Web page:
Wine bottles lined the counter, each in a black velvet bag with a number on it. It was a blind tasting.
Irene King had just passed her level one Sommelier exam, and the night before led the American Wine Society’s monthly seminar. Tonight she was hosting our wine club at her house and had chosen the wines she thought we would enjoy and she also hoped would confound us.
“What on earth is Moroccan spice?” Gidget muttered as we sat at the table with a glass of wine in front of us. Gidget has an amazing palate and an even more amazing nose. If she says she’s getting aromas of ripe plum or lavender, you can bet on it. We were reading the description of the Hug Cellars red from Paso Robles: “Medium red violet color, has layered complexity with Moroccan spice, herbs, roasted meat and brimming with red fruits like raspberry and plum.”
“Who writes these things anyway?” somebody said. We all agreed that while this description was pretty tame, often the winemaker — or whoever was actually writing the notes — probably had over-indulged in the product.
My favorite description of the evening was of a white wine which read in part: “heavenly lift of candied ginger and crunchy, yet sweet white nectarine… notes of green papaya and pistachio, stone fruits hold sway over the sumptuous attack in mid-palate, finishing with the Marsanne’s nuttiness and a delicate hint of sea spray.” Sea Spray? Really? Someone might be able to detect nectarine or green papaya, but I think the sea spray is a stretch.
Of the seven wines, I got all three of the whites wrong! Even with tasting notes to guide me, I couldn’t match the wine with the descriptions. Swell.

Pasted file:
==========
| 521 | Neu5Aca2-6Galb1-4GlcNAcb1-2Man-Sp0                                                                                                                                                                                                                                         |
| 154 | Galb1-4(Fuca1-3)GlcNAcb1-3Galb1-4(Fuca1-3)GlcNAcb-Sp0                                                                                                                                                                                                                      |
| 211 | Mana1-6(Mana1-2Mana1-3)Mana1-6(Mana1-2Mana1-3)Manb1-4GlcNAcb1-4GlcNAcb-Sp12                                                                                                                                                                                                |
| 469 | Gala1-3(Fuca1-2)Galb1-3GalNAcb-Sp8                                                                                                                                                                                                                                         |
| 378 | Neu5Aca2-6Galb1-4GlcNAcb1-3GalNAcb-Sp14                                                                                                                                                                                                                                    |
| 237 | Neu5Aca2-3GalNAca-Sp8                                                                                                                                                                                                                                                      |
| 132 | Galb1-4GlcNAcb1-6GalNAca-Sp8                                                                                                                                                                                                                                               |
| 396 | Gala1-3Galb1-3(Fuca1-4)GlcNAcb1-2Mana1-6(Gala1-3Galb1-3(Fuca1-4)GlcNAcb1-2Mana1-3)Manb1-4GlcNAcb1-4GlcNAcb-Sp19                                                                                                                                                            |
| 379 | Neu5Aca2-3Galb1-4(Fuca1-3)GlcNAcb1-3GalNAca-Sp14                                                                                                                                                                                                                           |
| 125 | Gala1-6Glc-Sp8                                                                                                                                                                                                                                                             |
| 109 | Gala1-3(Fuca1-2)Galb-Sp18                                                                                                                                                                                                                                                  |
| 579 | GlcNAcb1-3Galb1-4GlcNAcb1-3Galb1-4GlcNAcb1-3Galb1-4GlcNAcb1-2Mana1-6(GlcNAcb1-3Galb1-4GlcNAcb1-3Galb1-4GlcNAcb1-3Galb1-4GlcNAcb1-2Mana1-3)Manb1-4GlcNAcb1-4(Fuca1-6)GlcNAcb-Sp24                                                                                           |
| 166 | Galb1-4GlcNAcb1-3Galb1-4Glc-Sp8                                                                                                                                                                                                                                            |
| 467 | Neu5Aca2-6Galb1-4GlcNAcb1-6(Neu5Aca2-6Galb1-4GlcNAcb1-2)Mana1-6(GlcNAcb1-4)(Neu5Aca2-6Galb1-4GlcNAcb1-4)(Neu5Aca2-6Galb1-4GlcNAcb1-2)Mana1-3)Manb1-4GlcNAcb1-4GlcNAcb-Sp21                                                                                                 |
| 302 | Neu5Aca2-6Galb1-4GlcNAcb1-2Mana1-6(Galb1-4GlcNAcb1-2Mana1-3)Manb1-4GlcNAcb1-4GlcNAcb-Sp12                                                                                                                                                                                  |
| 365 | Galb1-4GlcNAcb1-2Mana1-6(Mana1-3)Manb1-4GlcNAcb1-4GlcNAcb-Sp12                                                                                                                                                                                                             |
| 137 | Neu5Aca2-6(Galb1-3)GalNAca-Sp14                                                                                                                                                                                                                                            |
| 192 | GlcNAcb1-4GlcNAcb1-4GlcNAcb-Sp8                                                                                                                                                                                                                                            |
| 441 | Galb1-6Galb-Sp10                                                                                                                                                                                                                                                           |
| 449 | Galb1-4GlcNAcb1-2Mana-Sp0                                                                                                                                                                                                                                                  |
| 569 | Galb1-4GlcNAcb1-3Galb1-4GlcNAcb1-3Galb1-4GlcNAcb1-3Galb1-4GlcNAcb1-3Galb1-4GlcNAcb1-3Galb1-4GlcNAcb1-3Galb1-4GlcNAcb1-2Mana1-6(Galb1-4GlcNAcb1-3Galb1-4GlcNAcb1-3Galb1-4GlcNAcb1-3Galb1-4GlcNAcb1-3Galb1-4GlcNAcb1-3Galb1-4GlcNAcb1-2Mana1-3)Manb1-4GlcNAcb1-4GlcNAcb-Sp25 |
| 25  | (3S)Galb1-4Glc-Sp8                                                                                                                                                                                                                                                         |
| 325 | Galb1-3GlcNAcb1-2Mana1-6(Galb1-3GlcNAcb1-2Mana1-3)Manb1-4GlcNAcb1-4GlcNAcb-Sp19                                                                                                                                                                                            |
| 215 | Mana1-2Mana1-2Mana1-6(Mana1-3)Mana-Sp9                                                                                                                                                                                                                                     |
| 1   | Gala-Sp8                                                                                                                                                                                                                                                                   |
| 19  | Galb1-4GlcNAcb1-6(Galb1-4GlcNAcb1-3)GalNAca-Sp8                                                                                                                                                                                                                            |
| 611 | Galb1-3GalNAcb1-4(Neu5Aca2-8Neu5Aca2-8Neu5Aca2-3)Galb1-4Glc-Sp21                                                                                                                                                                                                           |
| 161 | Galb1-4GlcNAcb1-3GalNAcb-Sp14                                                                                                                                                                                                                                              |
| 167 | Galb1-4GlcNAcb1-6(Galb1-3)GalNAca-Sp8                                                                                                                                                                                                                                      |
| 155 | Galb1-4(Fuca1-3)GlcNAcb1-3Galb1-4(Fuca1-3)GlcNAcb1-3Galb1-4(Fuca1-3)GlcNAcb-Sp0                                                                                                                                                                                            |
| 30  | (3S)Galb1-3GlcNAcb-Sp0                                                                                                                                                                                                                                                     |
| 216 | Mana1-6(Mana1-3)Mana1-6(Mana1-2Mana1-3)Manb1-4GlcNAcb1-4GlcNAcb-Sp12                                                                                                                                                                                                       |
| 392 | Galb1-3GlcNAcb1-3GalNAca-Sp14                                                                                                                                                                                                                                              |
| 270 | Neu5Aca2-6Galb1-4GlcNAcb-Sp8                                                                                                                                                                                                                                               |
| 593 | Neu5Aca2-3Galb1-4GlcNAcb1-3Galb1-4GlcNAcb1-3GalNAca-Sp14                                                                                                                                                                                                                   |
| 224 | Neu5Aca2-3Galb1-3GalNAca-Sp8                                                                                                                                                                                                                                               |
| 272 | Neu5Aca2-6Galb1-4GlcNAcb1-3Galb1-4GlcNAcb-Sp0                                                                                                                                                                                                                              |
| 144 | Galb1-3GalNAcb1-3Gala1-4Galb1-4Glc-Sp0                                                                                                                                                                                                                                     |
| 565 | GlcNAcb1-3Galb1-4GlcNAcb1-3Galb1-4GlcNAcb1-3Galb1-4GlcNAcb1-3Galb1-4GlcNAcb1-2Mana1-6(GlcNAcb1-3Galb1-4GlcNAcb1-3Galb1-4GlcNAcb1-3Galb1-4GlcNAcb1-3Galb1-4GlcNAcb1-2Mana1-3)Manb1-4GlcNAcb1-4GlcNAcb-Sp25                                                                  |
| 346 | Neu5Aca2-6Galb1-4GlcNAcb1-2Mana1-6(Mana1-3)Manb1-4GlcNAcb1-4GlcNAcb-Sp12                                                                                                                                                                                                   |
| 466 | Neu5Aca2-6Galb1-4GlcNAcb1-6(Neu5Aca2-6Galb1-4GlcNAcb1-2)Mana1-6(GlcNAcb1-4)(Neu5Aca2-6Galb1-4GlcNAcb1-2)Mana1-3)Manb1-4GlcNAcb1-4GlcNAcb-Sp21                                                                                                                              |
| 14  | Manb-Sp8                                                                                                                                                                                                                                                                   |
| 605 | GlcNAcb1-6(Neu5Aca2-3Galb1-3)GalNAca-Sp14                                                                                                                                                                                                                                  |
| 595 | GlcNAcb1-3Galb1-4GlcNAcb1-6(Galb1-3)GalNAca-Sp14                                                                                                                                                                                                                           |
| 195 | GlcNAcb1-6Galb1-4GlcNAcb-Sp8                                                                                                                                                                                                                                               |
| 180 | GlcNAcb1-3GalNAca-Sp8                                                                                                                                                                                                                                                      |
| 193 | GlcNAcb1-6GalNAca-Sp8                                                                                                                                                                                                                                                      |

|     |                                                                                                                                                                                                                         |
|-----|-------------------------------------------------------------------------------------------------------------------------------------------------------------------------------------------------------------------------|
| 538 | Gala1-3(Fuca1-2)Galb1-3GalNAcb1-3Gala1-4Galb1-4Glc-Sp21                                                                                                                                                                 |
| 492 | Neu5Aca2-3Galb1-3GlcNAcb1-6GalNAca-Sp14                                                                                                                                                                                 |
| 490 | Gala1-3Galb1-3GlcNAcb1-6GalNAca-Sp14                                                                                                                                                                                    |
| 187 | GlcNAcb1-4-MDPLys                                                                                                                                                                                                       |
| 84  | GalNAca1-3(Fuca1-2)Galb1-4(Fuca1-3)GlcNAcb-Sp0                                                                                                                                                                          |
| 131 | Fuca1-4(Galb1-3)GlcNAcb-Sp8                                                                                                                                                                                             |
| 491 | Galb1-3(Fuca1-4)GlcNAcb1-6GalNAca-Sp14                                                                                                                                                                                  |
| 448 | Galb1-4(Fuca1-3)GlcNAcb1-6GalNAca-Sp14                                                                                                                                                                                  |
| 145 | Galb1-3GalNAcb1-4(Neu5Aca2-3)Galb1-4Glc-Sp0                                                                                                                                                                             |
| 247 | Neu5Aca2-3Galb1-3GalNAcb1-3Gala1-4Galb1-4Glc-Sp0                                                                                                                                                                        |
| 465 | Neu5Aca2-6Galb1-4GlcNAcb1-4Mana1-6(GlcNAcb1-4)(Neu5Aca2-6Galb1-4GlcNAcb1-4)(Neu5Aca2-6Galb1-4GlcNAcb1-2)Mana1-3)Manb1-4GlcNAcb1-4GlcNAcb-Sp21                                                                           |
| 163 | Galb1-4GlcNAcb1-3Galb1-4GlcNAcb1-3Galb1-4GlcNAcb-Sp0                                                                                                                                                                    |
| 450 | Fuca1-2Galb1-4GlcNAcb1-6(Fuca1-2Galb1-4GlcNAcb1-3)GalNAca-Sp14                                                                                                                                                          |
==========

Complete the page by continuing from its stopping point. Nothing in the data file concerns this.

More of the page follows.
But back to the descriptions: I have read some that positively want you to NOT put this stuff in your mouth. Like, for instance:
the aromatics offer incredible aromas of dried flowers, beef blood, spice, figs, sweet black currants and Kirsch, smoked game, lavender, and sweaty but attractive saddle leather-like notes. Full-bodied and massively endowed, with abundant silky tannins, it possesses the balance to age for 30+ years.”
Well, let me say right here that no wine is going to age in my house for 30 years! Lucky to last more than 30 days.
Or how about this:
It might be called liquefied Viagra. An incredibly sexy nose of smoke, black fruits, cappuccino, and toasty wood is followed by an expansive, terrifically concentrated wine with a sumptuous texture, no hard edges, beautifully integrated acidity and tannin, and a long, 35 second finish.
I’m intrigued by the “black fruits.” That would be, uh, blackberries? Figs, maybe? Or hey — deadly nightshade has black fruit, but I’m guessing from the name that it’s deadly — not something you’re going to drink. At least not more than once. And, um, not to state the obvious, but you think liquefied Viagra would last longer than 35 seconds, wouldn’t you?
After the whites, we moved on to the reds, thank goodness. Of the four reds, I only guessed two of them correctly. I particularly liked the French wine, the 2010 Crozes-Hermitage Cave de Tain L’Hermitage from the Northern Rhone. I’ve never been fond of European wines for the simple reason that they usually do not have that ripe, luscious fruit that I enjoy. This one, however, was yummy (how’s that for a wine description?) and actually in my price range at under $20.
I’ll never be an expert on wine but by gum, I’m not giving up! The secret, I understand, is to practice, practice, practice. I’m willing to give it the old college try, but I draw the line at liquefied Viagra!